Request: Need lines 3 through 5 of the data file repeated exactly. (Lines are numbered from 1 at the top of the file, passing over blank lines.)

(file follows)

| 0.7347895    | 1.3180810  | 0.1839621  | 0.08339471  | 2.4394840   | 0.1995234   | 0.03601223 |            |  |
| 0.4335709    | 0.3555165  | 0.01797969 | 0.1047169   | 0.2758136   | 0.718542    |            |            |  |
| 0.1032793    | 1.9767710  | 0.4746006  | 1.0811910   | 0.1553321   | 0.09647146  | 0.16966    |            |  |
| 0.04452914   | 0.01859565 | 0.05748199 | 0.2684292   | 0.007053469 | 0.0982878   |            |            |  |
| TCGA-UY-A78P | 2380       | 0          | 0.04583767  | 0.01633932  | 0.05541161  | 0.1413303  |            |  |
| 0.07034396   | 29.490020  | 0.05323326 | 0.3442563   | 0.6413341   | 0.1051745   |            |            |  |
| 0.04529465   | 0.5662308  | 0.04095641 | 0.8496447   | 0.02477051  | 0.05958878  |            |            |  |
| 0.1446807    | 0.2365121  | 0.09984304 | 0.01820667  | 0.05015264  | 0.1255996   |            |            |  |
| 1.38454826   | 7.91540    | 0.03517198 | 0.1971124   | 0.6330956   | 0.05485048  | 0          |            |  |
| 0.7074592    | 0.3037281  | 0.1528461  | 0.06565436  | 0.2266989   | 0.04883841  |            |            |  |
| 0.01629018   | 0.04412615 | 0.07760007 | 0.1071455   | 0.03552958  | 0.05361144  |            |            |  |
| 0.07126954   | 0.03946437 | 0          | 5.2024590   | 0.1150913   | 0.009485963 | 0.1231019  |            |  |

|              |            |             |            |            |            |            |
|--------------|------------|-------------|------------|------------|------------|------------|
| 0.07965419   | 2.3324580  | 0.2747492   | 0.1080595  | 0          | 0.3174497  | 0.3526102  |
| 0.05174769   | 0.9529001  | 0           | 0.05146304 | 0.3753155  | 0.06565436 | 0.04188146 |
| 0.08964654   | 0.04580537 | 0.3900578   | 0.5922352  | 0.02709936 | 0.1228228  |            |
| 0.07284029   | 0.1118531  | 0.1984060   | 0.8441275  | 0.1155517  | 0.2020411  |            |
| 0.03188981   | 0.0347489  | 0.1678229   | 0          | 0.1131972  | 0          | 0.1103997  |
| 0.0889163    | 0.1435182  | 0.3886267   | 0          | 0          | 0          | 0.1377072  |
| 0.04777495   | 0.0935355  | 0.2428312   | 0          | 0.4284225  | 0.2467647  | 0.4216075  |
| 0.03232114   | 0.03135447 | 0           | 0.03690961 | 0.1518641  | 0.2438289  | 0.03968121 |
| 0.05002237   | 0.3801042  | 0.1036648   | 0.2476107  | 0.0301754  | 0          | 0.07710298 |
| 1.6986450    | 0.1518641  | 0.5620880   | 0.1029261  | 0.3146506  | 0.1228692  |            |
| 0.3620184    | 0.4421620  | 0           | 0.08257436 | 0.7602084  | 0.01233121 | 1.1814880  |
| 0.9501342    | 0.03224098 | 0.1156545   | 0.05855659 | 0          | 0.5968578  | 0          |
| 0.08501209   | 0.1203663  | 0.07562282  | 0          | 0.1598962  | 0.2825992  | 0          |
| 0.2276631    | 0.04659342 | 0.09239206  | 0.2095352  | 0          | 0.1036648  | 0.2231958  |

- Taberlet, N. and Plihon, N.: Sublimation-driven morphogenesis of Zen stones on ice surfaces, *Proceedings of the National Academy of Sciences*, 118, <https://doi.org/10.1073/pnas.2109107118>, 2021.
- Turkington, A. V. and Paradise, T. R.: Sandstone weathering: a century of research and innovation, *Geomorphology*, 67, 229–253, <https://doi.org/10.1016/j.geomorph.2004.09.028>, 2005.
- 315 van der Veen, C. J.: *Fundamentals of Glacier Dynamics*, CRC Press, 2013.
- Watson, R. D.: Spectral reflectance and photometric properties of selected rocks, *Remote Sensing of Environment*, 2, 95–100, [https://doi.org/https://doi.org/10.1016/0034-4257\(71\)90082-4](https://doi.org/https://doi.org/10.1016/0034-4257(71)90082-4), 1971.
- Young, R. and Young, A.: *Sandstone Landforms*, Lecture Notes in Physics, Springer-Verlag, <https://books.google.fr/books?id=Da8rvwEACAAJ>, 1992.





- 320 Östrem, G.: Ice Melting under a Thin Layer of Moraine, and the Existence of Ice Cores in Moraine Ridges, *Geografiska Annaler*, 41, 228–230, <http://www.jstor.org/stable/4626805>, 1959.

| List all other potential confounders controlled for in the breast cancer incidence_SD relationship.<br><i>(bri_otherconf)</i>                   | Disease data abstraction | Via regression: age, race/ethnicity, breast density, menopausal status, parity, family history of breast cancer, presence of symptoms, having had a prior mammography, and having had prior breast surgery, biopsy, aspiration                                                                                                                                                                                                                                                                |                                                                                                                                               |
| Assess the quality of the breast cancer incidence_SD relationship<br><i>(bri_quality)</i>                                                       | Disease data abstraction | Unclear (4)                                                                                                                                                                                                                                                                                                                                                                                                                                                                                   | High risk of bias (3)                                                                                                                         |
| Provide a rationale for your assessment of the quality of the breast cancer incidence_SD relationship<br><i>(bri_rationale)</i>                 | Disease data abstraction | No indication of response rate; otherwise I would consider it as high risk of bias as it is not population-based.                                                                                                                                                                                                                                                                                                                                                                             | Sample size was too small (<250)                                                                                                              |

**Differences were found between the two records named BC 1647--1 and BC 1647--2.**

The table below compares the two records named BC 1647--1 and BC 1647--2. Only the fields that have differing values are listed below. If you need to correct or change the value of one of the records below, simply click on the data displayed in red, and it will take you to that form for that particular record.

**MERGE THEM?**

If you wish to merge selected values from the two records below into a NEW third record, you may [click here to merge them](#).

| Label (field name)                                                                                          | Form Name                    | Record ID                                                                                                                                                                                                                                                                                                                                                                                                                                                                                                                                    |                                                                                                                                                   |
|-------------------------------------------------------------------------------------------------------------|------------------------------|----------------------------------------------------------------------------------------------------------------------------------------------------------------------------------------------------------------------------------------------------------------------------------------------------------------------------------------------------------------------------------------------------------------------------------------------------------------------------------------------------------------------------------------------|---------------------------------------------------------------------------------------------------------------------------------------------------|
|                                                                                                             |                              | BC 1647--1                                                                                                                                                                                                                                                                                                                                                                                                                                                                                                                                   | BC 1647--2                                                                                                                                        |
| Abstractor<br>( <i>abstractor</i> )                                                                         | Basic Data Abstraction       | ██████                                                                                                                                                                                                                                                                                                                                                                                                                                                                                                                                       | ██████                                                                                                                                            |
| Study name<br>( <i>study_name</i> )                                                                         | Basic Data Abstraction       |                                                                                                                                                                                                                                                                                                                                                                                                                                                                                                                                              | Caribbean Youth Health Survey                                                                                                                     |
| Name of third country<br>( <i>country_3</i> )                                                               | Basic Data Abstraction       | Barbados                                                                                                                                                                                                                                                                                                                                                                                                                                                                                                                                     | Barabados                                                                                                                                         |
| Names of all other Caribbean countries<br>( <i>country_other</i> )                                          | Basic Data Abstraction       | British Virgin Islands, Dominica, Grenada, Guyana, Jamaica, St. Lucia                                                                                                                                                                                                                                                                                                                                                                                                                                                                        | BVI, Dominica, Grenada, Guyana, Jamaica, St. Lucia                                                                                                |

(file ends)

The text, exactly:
| 0.1032793    | 1.9767710  | 0.4746006  | 1.0811910   | 0.1553321   | 0.09647146  | 0.16966    |            |  |
| 0.04452914   | 0.01859565 | 0.05748199 | 0.2684292   | 0.007053469 | 0.0982878   |            |            |  |
| TCGA-UY-A78P | 2380       | 0          | 0.04583767  | 0.01633932  | 0.05541161  | 0.1413303  |            |  |